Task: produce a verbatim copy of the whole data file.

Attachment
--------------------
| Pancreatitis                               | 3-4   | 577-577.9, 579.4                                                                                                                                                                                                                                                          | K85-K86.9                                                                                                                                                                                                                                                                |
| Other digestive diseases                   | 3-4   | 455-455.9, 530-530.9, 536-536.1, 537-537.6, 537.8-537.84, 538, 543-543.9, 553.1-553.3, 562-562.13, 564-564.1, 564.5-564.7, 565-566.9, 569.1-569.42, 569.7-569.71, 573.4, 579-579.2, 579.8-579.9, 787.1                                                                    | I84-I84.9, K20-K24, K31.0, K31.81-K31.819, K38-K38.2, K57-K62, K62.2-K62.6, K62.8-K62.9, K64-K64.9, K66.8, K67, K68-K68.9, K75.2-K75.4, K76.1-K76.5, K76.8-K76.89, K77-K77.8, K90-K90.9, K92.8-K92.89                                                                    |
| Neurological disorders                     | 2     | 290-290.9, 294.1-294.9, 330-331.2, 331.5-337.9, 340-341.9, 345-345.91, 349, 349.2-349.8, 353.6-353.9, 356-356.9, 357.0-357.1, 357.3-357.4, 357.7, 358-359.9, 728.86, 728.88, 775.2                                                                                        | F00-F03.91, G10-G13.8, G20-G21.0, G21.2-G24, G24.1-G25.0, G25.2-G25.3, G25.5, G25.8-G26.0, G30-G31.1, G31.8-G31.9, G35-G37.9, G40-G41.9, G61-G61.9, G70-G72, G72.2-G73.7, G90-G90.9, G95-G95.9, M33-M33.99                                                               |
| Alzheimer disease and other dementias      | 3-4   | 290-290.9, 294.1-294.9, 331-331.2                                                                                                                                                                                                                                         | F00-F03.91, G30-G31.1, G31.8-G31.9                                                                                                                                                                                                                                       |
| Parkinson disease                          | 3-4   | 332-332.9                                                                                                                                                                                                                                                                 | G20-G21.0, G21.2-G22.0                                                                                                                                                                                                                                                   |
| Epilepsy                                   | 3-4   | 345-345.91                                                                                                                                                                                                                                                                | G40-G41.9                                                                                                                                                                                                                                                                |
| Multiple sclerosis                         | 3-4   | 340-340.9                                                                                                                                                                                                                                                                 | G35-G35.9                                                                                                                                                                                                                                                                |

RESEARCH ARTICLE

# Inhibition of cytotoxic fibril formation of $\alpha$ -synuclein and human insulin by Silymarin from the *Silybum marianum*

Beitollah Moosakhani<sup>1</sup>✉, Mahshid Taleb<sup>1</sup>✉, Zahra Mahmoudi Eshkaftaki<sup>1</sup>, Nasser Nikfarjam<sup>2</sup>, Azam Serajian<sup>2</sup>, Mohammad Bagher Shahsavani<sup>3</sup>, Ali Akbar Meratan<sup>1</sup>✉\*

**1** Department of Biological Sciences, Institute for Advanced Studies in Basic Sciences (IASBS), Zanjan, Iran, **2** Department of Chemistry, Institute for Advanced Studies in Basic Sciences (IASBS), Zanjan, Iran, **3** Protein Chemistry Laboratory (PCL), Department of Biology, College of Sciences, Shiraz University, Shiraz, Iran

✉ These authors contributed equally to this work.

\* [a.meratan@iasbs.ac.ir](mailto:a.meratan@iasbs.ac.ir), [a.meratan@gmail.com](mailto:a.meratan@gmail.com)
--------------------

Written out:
| Pancreatitis                               | 3-4   | 577-577.9, 579.4                                                                                                                                                                                                                                                          | K85-K86.9                                                                                                                                                                                                                                                                |
| Other digestive diseases                   | 3-4   | 455-455.9, 530-530.9, 536-536.1, 537-537.6, 537.8-537.84, 538, 543-543.9, 553.1-553.3, 562-562.13, 564-564.1, 564.5-564.7, 565-566.9, 569.1-569.42, 569.7-569.71, 573.4, 579-579.2, 579.8-579.9, 787.1                                                                    | I84-I84.9, K20-K24, K31.0, K31.81-K31.819, K38-K38.2, K57-K62, K62.2-K62.6, K62.8-K62.9, K64-K64.9, K66.8, K67, K68-K68.9, K75.2-K75.4, K76.1-K76.5, K76.8-K76.89, K77-K77.8, K90-K90.9, K92.8-K92.89                                                                    |
| Neurological disorders                     | 2     | 290-290.9, 294.1-294.9, 330-331.2, 331.5-337.9, 340-341.9, 345-345.91, 349, 349.2-349.8, 353.6-353.9, 356-356.9, 357.0-357.1, 357.3-357.4, 357.7, 358-359.9, 728.86, 728.88, 775.2                                                                                        | F00-F03.91, G10-G13.8, G20-G21.0, G21.2-G24, G24.1-G25.0, G25.2-G25.3, G25.5, G25.8-G26.0, G30-G31.1, G31.8-G31.9, G35-G37.9, G40-G41.9, G61-G61.9, G70-G72, G72.2-G73.7, G90-G90.9, G95-G95.9, M33-M33.99                                                               |
| Alzheimer disease and other dementias      | 3-4   | 290-290.9, 294.1-294.9, 331-331.2                                                                                                                                                                                                                                         | F00-F03.91, G30-G31.1, G31.8-G31.9                                                                                                                                                                                                                                       |
| Parkinson disease                          | 3-4   | 332-332.9                                                                                                                                                                                                                                                                 | G20-G21.0, G21.2-G22.0                                                                                                                                                                                                                                                   |
| Epilepsy                                   | 3-4   | 345-345.91                                                                                                                                                                                                                                                                | G40-G41.9                                                                                                                                                                                                                                                                |
| Multiple sclerosis                         | 3-4   | 340-340.9                                                                                                                                                                                                                                                                 | G35-G35.9                                                                                                                                                                                                                                                                |

RESEARCH ARTICLE

# Inhibition of cytotoxic fibril formation of $\alpha$ -synuclein and human insulin by Silymarin from the *Silybum marianum*

Beitollah Moosakhani<sup>1</sup>✉, Mahshid Taleb<sup>1</sup>✉, Zahra Mahmoudi Eshkaftaki<sup>1</sup>, Nasser Nikfarjam<sup>2</sup>, Azam Serajian<sup>2</sup>, Mohammad Bagher Shahsavani<sup>3</sup>, Ali Akbar Meratan<sup>1</sup>✉\*

**1** Department of Biological Sciences, Institute for Advanced Studies in Basic Sciences (IASBS), Zanjan, Iran, **2** Department of Chemistry, Institute for Advanced Studies in Basic Sciences (IASBS), Zanjan, Iran, **3** Protein Chemistry Laboratory (PCL), Department of Biology, College of Sciences, Shiraz University, Shiraz, Iran

✉ These authors contributed equally to this work.

\* [a.meratan@iasbs.ac.ir](mailto:a.meratan@iasbs.ac.ir), [a.meratan@gmail.com](mailto:a.meratan@gmail.com)